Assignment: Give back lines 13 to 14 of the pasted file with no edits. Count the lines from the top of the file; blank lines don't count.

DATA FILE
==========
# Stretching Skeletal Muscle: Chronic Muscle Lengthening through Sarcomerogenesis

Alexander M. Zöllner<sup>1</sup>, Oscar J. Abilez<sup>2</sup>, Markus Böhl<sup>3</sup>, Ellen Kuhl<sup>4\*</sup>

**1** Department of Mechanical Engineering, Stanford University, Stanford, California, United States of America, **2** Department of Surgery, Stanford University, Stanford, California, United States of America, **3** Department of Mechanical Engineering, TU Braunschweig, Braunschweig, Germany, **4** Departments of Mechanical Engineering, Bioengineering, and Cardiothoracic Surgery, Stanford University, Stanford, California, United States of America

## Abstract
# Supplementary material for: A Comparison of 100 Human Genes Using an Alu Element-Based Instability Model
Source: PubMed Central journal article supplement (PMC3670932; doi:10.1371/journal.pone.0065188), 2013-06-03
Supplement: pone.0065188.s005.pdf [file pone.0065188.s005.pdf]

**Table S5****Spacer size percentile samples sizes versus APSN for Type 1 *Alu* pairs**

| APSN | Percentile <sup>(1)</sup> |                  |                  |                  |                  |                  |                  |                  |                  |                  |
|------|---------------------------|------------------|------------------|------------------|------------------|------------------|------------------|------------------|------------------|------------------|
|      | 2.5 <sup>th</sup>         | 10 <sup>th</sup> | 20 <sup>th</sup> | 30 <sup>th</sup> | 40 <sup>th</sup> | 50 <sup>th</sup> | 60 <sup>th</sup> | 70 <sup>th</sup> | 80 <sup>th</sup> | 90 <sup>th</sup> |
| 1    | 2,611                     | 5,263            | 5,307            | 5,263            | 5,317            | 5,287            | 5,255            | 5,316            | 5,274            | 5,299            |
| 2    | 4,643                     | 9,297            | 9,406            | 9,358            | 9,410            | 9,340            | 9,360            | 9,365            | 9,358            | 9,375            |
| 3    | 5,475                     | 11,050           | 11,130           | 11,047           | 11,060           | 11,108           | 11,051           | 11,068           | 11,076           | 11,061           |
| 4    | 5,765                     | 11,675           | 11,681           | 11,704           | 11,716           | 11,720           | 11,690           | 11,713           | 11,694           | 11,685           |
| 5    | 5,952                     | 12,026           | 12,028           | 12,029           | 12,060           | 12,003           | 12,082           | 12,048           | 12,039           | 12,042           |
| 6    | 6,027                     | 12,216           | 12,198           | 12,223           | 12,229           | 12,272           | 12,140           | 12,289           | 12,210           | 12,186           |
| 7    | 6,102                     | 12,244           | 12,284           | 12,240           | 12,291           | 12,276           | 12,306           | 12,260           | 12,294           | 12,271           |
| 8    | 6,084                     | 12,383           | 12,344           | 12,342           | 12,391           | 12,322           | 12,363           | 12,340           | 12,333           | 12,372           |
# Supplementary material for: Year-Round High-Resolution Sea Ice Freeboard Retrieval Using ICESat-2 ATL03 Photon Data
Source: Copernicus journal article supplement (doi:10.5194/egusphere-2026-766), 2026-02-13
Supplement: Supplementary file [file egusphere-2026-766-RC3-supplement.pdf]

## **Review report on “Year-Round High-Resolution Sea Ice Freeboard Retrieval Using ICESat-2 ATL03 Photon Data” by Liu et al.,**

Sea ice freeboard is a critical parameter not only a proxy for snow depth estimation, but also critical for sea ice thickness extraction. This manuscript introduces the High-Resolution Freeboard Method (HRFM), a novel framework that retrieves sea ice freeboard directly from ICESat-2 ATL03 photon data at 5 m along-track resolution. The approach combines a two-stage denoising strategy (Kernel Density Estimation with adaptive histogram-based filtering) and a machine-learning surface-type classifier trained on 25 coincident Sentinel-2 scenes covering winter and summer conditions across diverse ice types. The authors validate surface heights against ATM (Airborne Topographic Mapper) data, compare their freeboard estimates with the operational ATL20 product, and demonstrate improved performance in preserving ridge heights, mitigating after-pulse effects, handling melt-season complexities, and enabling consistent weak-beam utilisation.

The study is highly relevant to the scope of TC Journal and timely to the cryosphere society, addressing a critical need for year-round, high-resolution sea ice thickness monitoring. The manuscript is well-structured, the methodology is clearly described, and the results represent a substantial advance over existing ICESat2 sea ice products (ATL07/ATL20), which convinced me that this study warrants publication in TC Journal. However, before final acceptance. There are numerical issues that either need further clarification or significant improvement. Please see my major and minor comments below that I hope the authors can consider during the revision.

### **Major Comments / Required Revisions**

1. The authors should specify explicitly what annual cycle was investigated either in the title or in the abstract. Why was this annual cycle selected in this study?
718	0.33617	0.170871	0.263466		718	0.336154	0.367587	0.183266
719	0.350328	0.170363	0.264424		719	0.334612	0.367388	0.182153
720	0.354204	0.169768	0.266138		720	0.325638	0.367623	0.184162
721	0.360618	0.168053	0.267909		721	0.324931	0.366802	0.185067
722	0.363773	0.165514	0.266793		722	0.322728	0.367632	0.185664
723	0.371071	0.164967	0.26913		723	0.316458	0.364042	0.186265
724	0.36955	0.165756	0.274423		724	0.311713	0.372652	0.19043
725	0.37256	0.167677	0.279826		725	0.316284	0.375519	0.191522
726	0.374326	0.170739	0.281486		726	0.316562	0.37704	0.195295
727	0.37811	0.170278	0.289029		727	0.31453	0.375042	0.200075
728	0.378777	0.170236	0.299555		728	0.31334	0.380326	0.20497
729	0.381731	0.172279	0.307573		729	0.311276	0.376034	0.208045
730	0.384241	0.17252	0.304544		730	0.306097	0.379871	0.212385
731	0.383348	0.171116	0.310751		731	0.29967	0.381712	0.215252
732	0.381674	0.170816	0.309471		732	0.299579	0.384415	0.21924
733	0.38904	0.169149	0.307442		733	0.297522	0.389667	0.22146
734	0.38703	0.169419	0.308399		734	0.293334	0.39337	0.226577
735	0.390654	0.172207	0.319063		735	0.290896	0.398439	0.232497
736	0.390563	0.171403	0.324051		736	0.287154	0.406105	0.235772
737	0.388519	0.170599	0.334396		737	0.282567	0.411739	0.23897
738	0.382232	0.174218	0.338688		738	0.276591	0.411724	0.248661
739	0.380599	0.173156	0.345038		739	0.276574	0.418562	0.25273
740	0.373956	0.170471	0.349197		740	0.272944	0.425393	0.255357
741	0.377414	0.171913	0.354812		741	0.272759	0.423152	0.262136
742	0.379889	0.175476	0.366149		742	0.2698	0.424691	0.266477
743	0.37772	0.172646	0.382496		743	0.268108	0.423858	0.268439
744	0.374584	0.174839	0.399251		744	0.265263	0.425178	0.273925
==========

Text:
| 2    | 4,643                     | 9,297            | 9,406            | 9,358            | 9,410            | 9,340            | 9,360            | 9,365            | 9,358            | 9,375            |
| 3    | 5,475                     | 11,050           | 11,130           | 11,047           | 11,060           | 11,108           | 11,051           | 11,068           | 11,076           | 11,061           |